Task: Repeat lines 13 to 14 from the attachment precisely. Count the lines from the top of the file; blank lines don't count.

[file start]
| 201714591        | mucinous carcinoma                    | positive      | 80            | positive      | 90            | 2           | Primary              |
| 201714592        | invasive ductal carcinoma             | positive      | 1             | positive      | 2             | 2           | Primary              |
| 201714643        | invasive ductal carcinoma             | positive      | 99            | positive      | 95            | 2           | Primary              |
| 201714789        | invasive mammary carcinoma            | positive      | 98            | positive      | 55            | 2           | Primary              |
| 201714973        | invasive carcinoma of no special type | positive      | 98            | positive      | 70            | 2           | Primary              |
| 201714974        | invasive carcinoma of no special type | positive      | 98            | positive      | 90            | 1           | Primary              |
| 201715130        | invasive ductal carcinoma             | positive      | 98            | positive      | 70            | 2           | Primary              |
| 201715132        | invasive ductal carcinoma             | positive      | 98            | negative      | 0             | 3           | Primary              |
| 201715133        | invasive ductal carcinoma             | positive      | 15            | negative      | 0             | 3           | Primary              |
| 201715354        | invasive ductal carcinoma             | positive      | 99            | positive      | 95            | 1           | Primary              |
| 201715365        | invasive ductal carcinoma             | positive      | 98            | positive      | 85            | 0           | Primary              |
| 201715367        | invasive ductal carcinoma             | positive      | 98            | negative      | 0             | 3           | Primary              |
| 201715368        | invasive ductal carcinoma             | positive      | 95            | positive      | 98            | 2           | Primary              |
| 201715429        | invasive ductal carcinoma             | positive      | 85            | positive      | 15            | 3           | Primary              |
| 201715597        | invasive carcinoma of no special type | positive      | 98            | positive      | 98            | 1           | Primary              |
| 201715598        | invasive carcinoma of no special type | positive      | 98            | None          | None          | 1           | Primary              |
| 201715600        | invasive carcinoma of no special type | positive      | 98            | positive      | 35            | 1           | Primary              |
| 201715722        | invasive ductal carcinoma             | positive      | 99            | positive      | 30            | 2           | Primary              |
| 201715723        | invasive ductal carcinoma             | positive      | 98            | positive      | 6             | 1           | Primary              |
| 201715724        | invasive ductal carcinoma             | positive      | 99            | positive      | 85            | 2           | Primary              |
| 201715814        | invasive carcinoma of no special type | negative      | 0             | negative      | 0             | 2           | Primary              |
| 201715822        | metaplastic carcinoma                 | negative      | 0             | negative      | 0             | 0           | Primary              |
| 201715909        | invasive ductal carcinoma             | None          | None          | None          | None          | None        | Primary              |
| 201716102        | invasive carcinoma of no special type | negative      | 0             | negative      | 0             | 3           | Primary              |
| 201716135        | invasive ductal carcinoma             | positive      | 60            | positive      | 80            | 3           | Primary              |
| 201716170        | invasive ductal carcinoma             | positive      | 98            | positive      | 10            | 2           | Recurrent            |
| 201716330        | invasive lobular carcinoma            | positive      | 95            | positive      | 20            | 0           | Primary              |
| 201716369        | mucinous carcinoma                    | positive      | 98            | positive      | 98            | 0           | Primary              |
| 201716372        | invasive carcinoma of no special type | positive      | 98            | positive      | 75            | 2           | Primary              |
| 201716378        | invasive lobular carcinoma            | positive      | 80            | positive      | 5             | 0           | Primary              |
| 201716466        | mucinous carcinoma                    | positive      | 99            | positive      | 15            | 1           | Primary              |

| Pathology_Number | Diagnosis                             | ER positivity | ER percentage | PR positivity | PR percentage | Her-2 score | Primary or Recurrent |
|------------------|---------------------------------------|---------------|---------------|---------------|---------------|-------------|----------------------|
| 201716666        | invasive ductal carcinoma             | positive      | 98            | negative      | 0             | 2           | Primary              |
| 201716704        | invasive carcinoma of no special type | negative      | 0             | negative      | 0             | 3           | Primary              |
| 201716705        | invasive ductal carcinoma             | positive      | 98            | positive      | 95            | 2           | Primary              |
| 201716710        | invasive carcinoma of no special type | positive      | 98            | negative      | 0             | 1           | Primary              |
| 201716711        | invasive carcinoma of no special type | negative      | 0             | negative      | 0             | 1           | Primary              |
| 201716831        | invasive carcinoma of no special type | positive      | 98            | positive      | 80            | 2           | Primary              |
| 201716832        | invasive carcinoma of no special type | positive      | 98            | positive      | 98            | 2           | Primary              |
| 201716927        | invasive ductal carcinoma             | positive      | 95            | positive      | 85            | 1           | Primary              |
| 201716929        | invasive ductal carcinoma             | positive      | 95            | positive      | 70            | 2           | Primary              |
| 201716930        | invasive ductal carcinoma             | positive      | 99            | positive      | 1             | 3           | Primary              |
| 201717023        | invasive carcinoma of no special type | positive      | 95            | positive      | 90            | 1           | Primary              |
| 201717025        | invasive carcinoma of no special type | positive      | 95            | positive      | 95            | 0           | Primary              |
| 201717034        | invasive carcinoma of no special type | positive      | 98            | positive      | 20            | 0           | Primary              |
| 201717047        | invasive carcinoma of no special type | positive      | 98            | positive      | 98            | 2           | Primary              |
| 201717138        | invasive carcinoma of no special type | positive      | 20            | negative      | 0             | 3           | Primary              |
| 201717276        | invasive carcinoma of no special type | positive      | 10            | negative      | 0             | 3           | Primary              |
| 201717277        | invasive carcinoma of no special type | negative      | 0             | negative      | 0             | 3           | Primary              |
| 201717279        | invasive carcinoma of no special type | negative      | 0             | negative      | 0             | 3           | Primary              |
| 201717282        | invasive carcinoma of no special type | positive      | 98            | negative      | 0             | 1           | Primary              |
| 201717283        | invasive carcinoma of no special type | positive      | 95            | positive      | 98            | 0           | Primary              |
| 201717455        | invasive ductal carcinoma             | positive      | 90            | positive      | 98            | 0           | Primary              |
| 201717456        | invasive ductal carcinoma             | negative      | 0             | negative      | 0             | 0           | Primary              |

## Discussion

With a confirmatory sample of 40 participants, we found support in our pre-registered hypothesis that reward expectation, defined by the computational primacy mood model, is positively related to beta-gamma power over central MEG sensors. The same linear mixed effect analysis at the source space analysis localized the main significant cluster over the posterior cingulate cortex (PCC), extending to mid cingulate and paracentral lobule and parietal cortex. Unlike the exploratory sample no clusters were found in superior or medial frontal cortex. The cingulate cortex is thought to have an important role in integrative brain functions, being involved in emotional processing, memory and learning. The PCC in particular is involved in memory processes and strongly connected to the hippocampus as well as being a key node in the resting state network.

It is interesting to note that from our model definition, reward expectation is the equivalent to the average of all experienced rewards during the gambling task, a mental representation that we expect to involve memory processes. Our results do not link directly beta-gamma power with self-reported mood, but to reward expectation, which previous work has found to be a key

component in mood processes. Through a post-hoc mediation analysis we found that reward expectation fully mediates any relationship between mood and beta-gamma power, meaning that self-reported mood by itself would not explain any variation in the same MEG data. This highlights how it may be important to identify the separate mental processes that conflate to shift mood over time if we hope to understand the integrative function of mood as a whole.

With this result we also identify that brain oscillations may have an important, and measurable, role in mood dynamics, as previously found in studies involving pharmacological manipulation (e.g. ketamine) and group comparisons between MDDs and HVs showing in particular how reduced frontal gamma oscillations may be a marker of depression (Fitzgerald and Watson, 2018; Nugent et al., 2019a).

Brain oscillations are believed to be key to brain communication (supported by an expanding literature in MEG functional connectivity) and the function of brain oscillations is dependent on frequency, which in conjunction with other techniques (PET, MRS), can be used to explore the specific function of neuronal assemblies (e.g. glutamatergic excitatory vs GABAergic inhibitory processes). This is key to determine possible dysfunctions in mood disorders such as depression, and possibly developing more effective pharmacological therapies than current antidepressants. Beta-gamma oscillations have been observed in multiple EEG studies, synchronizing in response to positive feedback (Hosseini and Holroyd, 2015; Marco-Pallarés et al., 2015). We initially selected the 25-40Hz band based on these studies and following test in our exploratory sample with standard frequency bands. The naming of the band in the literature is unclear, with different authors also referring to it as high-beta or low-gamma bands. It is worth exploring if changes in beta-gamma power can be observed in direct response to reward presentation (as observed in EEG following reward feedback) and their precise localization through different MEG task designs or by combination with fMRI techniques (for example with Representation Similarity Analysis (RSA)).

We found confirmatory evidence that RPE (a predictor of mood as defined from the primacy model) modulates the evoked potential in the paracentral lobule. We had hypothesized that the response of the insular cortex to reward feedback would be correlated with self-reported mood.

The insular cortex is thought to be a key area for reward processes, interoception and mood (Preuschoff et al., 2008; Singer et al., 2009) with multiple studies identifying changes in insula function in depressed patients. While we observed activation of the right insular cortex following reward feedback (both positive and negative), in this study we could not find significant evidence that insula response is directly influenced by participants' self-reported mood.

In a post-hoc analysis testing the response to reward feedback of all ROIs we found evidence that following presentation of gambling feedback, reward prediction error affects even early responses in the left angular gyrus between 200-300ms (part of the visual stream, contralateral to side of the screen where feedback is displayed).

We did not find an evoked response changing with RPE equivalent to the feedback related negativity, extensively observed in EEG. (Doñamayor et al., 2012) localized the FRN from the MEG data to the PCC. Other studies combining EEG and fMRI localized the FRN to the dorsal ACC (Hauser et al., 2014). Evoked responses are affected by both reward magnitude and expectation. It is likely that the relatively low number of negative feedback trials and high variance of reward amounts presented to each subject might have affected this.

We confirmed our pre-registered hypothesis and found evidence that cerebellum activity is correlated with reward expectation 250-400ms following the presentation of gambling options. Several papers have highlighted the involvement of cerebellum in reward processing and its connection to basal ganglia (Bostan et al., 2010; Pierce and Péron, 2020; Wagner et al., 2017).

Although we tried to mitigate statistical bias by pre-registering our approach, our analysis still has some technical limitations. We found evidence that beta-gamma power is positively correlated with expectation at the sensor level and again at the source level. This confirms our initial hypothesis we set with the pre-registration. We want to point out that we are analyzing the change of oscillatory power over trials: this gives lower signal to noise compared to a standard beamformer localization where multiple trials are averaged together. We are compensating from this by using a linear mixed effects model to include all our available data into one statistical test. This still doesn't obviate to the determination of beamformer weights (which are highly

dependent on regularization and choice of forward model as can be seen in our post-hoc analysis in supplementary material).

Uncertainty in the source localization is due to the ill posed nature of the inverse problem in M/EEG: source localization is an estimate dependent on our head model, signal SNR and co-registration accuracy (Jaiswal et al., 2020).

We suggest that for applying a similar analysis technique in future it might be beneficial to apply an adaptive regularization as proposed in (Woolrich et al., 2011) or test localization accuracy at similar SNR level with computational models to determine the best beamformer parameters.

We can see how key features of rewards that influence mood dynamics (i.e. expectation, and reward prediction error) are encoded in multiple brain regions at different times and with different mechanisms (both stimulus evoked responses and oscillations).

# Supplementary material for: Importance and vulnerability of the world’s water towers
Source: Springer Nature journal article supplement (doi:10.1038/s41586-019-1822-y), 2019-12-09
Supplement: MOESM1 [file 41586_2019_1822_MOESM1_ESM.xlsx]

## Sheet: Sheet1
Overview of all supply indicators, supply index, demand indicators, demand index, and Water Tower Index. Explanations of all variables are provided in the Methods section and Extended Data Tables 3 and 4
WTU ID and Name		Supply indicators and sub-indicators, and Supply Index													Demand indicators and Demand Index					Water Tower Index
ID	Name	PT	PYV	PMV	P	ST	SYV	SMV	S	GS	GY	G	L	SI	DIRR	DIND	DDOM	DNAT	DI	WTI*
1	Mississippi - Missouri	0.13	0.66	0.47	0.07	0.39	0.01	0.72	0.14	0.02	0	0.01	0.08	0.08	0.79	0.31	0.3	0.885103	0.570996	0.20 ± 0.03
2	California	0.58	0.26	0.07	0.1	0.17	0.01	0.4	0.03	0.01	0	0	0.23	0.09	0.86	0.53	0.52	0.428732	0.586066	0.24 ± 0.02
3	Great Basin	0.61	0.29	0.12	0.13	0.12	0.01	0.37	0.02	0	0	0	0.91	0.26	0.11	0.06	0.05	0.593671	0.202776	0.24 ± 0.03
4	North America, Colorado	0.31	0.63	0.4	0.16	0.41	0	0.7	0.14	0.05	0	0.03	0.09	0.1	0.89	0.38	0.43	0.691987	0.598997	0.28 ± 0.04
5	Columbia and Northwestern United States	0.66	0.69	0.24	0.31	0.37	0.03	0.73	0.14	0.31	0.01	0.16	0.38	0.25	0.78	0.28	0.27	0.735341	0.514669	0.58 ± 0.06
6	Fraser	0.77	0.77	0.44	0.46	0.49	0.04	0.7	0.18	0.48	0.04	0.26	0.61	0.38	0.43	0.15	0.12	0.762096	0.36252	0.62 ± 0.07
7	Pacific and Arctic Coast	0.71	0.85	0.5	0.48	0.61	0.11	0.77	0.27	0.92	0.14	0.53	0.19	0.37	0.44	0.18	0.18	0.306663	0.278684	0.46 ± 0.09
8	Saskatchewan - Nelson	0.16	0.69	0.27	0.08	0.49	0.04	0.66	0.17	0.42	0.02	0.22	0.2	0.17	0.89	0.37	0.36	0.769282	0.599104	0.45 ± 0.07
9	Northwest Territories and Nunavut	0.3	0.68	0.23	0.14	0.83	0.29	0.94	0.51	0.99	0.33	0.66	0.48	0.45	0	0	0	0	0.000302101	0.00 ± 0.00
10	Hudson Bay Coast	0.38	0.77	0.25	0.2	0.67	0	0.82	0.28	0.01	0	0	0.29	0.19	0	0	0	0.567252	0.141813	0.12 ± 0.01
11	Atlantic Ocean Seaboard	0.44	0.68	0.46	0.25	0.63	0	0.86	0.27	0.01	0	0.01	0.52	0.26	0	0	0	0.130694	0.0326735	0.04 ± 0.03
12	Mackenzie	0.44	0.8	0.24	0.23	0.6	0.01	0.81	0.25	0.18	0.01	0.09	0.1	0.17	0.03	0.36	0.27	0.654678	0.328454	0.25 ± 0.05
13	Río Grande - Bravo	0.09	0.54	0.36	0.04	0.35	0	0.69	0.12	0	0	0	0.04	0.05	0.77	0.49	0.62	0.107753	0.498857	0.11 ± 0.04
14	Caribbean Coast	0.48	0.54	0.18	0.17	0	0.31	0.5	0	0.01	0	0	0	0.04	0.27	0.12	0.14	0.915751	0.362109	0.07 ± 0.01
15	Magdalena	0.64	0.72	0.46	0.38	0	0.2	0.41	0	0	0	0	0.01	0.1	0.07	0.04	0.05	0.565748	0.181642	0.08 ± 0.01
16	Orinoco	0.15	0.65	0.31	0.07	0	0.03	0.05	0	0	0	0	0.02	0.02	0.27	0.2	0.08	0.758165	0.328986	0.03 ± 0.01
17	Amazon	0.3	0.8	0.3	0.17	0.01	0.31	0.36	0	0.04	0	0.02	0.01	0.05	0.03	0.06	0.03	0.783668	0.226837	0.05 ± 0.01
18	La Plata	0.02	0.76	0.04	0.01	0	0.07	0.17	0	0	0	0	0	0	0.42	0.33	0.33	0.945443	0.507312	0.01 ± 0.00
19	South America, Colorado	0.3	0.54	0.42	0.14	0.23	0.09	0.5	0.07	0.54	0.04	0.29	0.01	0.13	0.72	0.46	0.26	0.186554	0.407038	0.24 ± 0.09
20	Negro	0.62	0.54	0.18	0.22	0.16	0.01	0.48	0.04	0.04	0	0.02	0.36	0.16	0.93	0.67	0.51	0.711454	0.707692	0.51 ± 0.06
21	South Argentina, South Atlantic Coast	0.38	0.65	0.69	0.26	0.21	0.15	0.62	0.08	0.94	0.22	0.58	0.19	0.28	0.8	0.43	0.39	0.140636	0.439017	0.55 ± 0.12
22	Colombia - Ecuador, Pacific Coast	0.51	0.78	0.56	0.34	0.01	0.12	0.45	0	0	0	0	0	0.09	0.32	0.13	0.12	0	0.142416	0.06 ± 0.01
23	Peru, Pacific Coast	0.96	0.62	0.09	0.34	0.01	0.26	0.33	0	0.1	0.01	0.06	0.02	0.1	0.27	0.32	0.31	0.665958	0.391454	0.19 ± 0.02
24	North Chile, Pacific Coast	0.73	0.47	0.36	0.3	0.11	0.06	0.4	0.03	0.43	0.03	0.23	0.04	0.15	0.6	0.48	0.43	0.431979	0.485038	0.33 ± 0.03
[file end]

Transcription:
| 201715368        | invasive ductal carcinoma             | positive      | 95            | positive      | 98            | 2           | Primary              |
| 201715429        | invasive ductal carcinoma             | positive      | 85            | positive      | 15            | 3           | Primary              |